Besides the love spell, there is another symbol of this contrastive and unresolvable state: Tibullus’ mention of the degradation he would willingly undergo, that of becoming a humble farmer for the sole pleasure of holding his love fast, something he contrasts to a supposed dignity of the soldier:
ille licet Cilicum victas agat ante catervas,
ponat et in capto Martia castra solo,
totus et argento contectus, totus et auro,
insideat celery conspiciendus equo;
ipse boves mea si tecum modo Delia possim
iungere et in solito pascere monte pecus,
et te dum liceat teneris retinere lacertis,
mollis et inculta sit mihi somnus humo (68-74).
[“Let him chase Cilicia’s routed troops before him, and pitch his martial camp upon captured ground; let folk gaze upon him as he sits his swift charger, armoured from head to foot in silver and gold, if only with thee, my Delia, I may put the oxen in the yoke and feed my flock on familiar hill; so my young arms my hold the fast, I shall find soft slumber even on the rugged earth” (translation, J. P. Postgate).]
Often this has been read as a poet’s fancy, the pastoral idealization based on the stiff and unreal Hellenic model. And as an idealization, it can be seen as a symbol of the kind of reduction the poet is willing to undergo, the becoming mollis before the inculta, a particular innovation upon the classical vision, the throwing off of the airs of dignity for the internal experiences of the harsh circumstances of love. But this reading lacks a certain grounding that no matter the theatricality of love always accompanies the expression of the Roman Elegists, a nearly indiscernible realism, the focusing on event and res, that makes of such flights conditions. R. O. A. M. Lyne points out that Tibullus’ return-to-the-land fantasies are not Roman fantasies of the farmer, that is, generalized, undetailed dreams towards a rustified escape, though these too did exist. Rather for Tibullus they represented real plans, real thoughts about leaving the Roman life behind, as he has his own land in mind. Speaking of a more extensive reference to the same in Delia 1.1, Lyne tells us:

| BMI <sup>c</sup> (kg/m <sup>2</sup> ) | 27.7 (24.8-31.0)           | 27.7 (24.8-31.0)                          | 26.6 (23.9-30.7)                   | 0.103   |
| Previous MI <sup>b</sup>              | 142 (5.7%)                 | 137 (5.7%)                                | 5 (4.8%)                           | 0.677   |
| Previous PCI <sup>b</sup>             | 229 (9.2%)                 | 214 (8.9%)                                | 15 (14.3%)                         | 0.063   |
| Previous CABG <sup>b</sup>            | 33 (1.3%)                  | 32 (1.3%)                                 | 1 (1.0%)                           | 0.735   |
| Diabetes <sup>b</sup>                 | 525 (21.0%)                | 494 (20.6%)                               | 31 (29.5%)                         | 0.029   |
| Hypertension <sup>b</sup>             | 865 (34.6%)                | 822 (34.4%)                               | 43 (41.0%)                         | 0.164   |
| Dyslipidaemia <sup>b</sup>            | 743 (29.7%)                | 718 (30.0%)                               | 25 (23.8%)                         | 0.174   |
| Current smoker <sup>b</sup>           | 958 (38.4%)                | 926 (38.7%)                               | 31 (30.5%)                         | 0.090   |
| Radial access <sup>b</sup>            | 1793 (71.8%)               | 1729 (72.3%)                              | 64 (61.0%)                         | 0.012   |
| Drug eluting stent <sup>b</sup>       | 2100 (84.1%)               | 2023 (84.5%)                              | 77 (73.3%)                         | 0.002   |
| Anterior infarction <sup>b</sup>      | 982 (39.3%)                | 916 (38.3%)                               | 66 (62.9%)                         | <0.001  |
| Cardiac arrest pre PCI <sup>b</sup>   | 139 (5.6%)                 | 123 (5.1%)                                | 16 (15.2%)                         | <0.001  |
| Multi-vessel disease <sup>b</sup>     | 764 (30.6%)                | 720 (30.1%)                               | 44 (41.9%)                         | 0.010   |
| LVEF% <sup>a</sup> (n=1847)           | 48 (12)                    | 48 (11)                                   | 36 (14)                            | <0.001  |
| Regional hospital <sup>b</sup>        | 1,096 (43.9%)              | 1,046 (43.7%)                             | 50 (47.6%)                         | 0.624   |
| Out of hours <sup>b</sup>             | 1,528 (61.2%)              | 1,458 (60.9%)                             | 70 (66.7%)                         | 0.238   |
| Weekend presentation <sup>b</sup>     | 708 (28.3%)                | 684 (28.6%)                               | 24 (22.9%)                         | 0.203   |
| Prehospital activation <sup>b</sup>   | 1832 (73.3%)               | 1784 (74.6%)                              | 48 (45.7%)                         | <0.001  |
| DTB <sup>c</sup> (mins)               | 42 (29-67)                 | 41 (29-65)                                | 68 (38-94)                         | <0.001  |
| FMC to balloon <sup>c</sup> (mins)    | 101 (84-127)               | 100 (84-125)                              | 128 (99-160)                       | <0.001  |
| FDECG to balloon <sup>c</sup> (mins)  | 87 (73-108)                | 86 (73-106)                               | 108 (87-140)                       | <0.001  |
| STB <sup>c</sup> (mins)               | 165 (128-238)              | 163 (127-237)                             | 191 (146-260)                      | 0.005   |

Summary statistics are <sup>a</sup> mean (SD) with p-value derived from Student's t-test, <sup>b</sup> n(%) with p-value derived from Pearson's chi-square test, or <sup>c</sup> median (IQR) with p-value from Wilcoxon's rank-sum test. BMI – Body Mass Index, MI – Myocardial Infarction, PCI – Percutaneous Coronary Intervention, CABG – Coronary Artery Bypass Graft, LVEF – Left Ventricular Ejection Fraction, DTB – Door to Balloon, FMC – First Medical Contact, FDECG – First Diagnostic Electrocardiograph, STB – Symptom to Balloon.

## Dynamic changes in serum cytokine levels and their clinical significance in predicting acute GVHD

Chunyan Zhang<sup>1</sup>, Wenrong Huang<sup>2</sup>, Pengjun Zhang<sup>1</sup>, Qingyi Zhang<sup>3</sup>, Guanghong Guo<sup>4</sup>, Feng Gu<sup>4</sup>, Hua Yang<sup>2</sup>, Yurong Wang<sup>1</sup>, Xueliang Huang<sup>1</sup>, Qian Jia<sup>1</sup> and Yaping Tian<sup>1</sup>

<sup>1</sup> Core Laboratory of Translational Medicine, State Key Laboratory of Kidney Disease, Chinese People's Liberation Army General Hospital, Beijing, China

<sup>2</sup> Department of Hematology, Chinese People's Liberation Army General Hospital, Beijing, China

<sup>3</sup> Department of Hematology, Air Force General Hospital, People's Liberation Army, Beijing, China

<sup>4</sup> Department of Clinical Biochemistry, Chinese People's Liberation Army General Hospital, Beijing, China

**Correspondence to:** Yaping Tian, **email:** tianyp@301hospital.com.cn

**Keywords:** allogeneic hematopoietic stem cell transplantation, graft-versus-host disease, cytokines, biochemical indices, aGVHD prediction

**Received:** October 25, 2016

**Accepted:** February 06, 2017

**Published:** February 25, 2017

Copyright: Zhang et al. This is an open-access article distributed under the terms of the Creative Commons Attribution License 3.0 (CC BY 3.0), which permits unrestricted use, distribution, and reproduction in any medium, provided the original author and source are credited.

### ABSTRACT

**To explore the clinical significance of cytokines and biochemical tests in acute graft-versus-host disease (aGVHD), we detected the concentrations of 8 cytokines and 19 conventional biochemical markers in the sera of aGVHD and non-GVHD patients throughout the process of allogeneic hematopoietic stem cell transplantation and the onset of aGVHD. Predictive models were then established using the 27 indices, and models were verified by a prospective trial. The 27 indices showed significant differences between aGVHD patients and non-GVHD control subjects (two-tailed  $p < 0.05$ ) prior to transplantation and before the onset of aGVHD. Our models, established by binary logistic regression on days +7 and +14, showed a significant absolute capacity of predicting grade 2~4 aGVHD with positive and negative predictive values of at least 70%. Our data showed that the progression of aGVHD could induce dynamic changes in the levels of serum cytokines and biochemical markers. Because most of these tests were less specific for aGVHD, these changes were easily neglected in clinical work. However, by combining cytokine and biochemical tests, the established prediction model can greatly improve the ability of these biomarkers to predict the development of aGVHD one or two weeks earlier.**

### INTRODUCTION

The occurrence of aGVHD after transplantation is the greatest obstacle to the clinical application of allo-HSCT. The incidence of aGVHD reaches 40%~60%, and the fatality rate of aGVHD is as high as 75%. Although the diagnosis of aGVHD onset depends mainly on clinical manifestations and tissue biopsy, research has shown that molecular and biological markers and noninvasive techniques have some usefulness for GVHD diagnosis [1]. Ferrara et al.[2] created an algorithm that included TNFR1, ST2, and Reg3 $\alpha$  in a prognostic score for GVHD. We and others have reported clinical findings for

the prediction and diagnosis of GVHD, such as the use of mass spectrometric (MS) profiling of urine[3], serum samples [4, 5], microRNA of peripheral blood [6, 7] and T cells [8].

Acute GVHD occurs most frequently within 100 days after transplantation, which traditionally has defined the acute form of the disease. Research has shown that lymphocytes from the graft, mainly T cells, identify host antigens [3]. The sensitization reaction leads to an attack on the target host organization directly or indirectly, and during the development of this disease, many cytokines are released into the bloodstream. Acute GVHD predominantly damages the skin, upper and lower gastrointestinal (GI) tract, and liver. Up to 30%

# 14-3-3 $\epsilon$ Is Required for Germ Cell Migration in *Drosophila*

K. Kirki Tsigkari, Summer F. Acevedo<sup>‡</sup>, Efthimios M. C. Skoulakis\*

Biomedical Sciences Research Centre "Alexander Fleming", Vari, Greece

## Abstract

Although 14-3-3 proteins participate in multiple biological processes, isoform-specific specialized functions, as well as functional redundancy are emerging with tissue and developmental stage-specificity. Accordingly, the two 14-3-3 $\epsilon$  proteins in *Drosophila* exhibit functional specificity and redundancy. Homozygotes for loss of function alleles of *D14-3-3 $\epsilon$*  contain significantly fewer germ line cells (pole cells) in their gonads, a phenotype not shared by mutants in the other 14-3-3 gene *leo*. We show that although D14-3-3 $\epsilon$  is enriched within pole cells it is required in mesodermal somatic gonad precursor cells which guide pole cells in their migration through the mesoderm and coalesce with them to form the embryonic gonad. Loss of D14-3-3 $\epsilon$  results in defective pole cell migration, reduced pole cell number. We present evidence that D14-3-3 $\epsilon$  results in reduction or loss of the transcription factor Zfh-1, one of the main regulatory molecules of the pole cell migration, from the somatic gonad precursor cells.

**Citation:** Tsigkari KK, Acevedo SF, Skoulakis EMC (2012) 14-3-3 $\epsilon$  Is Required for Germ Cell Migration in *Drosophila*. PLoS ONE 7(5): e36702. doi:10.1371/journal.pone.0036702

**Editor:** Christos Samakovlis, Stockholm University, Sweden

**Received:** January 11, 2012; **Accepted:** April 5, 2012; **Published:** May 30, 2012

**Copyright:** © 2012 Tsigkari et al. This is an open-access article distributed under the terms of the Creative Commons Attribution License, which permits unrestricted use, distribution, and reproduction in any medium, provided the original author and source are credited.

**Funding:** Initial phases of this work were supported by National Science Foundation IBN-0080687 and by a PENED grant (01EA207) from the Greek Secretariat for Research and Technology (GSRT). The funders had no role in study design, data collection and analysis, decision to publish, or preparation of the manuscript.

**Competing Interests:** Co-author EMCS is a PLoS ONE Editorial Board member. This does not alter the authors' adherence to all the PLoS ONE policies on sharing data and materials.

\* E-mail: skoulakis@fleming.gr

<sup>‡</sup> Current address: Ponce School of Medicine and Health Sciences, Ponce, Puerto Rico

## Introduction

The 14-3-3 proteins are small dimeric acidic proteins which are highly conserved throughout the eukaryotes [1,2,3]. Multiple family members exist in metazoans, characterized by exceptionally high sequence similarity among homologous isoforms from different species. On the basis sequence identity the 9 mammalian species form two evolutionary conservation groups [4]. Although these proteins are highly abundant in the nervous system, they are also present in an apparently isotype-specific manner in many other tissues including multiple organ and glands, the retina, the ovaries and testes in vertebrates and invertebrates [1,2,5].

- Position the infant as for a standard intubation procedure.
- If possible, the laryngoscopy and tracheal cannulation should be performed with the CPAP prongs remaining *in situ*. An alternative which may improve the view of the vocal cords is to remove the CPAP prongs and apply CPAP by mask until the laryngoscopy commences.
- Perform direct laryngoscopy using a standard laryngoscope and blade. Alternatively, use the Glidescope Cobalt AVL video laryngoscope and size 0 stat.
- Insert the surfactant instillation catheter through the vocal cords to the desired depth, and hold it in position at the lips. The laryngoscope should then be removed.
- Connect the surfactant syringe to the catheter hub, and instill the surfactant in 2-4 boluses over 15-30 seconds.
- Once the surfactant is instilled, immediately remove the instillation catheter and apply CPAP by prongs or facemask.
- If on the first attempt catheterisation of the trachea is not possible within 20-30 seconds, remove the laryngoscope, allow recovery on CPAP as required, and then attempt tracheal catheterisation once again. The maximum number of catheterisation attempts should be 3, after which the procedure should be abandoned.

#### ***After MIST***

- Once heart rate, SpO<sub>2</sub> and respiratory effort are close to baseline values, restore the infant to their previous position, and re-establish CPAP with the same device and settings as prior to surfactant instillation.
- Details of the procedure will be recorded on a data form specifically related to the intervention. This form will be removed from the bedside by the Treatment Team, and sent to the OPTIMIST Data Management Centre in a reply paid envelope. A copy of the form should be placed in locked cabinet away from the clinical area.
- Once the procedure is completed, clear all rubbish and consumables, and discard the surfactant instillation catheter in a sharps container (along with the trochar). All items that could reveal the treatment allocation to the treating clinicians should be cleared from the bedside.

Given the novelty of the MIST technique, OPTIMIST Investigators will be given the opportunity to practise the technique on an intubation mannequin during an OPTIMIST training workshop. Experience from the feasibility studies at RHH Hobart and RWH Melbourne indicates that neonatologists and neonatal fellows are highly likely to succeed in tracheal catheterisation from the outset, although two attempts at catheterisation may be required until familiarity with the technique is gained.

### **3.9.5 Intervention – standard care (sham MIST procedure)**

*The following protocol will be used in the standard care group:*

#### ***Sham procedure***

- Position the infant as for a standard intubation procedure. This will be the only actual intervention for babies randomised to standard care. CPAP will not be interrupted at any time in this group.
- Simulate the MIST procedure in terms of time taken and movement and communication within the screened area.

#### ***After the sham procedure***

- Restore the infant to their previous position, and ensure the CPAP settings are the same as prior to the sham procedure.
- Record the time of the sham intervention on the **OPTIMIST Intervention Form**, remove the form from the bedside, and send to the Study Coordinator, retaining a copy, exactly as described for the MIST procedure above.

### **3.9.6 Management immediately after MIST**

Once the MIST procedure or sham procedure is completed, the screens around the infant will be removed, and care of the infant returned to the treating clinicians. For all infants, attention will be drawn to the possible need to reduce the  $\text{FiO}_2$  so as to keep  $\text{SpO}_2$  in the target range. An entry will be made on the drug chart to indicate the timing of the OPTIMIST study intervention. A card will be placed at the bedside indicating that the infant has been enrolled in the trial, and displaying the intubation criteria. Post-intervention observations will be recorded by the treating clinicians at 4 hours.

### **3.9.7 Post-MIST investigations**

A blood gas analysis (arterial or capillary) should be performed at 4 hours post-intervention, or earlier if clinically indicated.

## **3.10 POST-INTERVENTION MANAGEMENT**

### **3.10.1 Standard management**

The first and vital fact to note is that Tibullus’ wishes concern living life on his own, real country holding. He makes this clear in the lines I have quoted [1.1.1-14-19-44], giving information on its former and present fortunes. It was once grand but is now much diminished-comparatively poor-a familiar story at the time. Readers would recognize the story; they would probably assume the estate had been reduced in the notorious confiscations of 42 B.C. (152)
Yet even more to the point, at the time of the writing of the poem Tibullus is a knight under his patron Messalla (Lyne 154), so the contrast of the plundering and victorious soldier shining armor with a humble wish to work the plow is a comparison of actual lives the poet is weighing, in his own mythological life. As Lyne writes, “Tibullus contrasts rustic life with current notions of what were in practice respectable and good occupations for a Roman knight… Tibullus’ wish must have made a provocative and (initially) puzzling reading” (155).
It is this acuity of the real, its situation and alliance, coupled with the willfulness to experience that sets forth the state of servititum amoris. That is, the poet’s drawing on slavery as a language of love, is meant both as a trope for the internal experience of humiliation, the loss of will, a serialization of time, but also the objectification of conditions themselves, a realism of concerns and the limits of acting upon them. The poet is to be seen as a real slave.
In Tibullus 1.ii, the image of the slave appears fully in the final sequence, where the poet is said to be at an actual temple of Venus beseeching her forgiveness for an unnamed sin, prostrating himself and even beating his head against the door-posts there (lines 79-86). His most tortured internal state, which up to this point has not been expressed, as torture, suddenly comes through in a violent and desperate picture, at a threshold. It is a sudden manifestation of the kernel state that drives the poem. Like Catullus’ Attis, the slavery is to the goddess, and not to the woman. And as Catullus’ Attis is figured as a subjectivity confined to an exile from home, to be goaded into a wilderness of wanderings and timbrel playing, Tibullus’ poet is locked outside of the house of his lover, and the temple of Venus’s forgiveness, (and the return to his own ancestral argricola). It is the condition of an enunciated, and thus henceforth created, Self, confined by the urban demand that has brought it forth. The internal state of the poet proclaims an inescapable commitment to experience, cut off from the very possibility that has given rise to it: at mihi parce, Venus: simper tibi dedita servit/mens mea: quid messes uris acreba tuas (97-98) [“Be gentle with me, Venus: my soul is ever they loyal slave. Why burn thine own corn in thy passion?”]. Rome becomes goddess and labyrinth.